Candidates for Indiana superintendent run as Democrats or Republicans – and they run as part of a slate of candidates for state office, including governor – so the race will likely be political in every sense.

But let’s assume McCormick, the Yorktown Community Schools superintendent who is challenging Democratic incumbent Glenda Ritz, is being honest. Here is some unsolicited advice:

  • Keep your distance from ideologues, especially those of the school-choice-and-free-educational-market variety who have an outsized influence on state Republican politics. If the Walton family and their ilk come offering big campaign donations, run the other way. Fast.
  • Decide and make clear that, as superintendent, you will be a forceful advocate for the traditional public schools that nine of 10 Indiana students attend. Let your public school flag fly. Don’t let the charter-and-voucher tail wag the policy dog.
  • Be careful about criticizing Ritz for being “political.” To her supporters, it’s crystal clear that Gov. Mike Pence, Republican legislators and State Board of Education members are the ones who brought the politics with their relentless attacks on the Democratic superintendent.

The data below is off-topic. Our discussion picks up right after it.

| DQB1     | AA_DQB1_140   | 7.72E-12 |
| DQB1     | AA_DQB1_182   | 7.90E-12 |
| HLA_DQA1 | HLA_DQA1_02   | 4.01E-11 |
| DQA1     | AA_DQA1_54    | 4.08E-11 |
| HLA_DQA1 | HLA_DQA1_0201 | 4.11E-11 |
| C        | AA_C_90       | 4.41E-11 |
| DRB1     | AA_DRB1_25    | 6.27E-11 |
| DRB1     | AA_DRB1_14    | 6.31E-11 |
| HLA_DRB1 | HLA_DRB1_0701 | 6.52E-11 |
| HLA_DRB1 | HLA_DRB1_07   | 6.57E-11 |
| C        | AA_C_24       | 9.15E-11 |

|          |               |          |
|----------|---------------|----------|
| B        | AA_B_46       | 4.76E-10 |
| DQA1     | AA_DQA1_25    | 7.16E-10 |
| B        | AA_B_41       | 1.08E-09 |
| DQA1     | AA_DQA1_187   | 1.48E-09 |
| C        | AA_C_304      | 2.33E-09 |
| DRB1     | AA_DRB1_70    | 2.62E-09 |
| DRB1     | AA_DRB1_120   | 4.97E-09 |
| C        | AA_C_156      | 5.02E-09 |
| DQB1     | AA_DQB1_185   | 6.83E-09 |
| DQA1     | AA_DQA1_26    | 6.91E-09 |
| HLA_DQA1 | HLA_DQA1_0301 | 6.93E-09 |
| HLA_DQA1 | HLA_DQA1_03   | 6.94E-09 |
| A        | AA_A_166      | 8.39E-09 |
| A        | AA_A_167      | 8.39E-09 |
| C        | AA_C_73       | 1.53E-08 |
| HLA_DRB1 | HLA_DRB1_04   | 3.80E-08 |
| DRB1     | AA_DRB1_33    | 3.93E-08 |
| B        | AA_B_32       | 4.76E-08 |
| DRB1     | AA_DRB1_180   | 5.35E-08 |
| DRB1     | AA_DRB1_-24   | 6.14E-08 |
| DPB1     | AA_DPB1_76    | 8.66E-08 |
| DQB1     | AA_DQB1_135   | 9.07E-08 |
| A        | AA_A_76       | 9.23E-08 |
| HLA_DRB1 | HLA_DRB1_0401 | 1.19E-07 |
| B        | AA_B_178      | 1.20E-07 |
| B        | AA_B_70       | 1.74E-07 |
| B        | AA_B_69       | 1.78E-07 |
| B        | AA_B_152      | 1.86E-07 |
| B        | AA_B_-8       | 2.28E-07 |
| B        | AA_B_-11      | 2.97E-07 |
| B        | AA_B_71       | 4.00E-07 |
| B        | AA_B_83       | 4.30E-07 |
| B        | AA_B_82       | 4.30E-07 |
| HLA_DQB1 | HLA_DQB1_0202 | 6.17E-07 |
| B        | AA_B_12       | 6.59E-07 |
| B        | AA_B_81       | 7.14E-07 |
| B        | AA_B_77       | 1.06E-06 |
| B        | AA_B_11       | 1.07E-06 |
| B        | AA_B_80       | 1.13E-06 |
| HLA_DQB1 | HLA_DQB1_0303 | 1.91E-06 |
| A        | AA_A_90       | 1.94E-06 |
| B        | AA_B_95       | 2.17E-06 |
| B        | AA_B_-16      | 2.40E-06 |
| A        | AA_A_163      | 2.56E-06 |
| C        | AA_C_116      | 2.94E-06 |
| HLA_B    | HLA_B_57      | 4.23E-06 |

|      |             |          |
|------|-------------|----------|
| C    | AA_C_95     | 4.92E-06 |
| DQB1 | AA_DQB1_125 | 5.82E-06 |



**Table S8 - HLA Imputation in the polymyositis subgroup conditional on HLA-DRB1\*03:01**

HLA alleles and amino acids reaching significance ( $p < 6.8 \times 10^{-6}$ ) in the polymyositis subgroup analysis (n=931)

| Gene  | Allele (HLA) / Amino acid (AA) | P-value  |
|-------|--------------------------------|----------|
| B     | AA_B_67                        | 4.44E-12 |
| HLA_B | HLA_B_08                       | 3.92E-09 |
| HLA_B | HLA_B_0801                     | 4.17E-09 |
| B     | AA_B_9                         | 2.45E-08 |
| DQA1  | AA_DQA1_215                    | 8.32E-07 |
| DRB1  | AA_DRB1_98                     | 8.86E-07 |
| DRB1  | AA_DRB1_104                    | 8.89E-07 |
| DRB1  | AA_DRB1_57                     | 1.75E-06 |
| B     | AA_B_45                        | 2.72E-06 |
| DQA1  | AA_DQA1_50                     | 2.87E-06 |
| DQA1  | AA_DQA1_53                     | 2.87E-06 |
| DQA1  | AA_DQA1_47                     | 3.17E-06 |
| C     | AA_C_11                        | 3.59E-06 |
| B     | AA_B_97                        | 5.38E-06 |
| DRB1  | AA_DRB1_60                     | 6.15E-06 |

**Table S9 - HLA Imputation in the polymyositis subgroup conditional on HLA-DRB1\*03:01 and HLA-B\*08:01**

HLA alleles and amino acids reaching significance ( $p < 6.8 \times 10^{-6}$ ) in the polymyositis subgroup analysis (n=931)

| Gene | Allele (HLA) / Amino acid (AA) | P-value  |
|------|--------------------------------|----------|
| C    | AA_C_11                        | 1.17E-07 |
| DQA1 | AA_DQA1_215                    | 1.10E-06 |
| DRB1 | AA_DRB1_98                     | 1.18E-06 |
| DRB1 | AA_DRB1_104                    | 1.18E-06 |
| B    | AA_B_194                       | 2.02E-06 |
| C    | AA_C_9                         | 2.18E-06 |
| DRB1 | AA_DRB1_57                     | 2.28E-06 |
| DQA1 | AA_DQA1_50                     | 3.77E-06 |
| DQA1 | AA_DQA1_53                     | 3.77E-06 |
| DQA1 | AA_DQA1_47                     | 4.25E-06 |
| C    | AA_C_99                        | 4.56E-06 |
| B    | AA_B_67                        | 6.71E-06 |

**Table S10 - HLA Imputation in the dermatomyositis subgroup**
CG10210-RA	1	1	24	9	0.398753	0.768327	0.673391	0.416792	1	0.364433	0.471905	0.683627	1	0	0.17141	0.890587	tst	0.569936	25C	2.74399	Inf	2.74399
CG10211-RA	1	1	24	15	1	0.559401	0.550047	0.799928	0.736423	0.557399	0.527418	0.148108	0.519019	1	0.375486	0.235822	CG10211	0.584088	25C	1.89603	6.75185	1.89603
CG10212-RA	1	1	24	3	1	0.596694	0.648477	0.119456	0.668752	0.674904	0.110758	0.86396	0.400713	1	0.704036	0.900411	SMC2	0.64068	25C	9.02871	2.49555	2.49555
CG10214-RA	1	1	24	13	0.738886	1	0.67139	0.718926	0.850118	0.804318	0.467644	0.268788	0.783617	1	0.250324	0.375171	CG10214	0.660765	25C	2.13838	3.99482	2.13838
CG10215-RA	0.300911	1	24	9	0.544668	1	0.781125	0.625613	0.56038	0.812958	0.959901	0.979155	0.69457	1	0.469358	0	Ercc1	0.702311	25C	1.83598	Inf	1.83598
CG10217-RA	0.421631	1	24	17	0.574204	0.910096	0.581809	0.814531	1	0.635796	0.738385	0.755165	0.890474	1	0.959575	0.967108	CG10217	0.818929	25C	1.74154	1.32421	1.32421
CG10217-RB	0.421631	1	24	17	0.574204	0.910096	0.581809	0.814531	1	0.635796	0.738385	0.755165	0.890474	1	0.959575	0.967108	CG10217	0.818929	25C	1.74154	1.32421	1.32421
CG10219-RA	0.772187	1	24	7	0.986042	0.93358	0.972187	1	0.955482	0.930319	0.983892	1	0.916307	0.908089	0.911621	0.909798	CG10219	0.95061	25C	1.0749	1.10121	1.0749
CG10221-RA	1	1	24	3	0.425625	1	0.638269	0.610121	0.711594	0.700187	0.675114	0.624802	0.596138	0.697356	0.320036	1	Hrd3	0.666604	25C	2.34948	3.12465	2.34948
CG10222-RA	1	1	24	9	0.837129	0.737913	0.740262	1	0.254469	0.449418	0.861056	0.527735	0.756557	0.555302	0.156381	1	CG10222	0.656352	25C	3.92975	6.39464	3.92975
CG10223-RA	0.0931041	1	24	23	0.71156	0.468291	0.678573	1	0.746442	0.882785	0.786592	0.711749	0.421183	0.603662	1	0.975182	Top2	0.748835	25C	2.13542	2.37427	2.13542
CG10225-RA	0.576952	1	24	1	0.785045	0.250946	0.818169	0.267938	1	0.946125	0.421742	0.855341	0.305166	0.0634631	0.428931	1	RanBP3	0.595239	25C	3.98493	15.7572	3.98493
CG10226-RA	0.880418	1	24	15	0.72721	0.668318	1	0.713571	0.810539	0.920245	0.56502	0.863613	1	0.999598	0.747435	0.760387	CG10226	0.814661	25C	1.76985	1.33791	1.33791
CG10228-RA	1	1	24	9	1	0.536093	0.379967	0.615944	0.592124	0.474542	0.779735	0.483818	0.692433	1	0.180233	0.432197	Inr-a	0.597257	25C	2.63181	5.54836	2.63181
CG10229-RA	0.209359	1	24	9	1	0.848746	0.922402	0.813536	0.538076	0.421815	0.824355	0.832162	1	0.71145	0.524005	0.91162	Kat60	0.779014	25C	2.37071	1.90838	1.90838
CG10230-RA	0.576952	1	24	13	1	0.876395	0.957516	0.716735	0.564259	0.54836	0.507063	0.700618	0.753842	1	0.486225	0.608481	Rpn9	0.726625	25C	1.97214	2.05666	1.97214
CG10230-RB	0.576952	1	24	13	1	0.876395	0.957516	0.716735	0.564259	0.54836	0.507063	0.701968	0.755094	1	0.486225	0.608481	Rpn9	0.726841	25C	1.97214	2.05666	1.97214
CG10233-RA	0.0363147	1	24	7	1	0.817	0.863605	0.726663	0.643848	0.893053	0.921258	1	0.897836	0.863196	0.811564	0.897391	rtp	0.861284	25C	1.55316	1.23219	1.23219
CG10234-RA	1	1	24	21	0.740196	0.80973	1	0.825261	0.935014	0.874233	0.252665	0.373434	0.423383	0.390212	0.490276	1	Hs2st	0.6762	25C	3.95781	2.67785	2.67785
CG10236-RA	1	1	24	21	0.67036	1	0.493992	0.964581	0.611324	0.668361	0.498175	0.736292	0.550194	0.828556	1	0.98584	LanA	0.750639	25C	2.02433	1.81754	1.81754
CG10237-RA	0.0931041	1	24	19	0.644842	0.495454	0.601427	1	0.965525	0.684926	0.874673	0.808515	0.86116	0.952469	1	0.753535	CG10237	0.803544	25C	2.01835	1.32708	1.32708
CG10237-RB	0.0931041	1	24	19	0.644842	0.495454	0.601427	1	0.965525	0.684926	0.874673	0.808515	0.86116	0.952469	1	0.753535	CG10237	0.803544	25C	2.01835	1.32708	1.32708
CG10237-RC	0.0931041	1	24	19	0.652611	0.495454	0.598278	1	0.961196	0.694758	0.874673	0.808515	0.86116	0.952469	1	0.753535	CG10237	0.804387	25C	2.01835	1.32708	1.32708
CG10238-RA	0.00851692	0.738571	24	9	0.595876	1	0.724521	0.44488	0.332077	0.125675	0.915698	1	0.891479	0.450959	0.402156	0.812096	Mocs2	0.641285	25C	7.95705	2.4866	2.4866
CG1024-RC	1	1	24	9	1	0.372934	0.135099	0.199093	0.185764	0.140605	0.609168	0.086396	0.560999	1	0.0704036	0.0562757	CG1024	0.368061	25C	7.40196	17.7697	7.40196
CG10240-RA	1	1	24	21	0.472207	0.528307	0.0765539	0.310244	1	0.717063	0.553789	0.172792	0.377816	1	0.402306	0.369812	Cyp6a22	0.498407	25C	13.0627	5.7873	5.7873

• Better yet, reach out to Ritz’s supporters, including the teachers’ unions. They won’t back you, but if you win, you should want to work with them. Make the election about effectiveness and transparency, and make it clear you’re not just a kinder, gentler Tony Bennett.

Continue reading

Superintendent debates, urban education forum

The Indiana superintendent of public instruction campaign is finally getting some attention, less than two weeks before the election. A debate will take place tonight (Oct. 26) between Republican incumbent Tony Bennett and Democratic challenger Glenda Ritz. It’s in Fort Wayne and runs from 7-8 p.m., sponsored by Northeast Indiana Public Radio and the Andy Downs Center on Indiana Politics at IPFW.

This event has a standard election debate format: two rounds of questions, posed alternately to each candidate, followed by closing statements. There will be no studio audience, but Northeast Indiana Public Radio will broadcast the debate, and folks can listen online. Kyle Stokes of NPR State Impact Indiana will moderate. As of Thursday, he was taking suggestions for questions.

Bennett and Ritz appeared Wednesday night in a forum at Wabash College. They didn’t debate, though. Indianapolis Star columnist Matthew Tully asked questions, first to Bennett, then to Ritz. You can watch on Wabash’s Youtube channel. Continue reading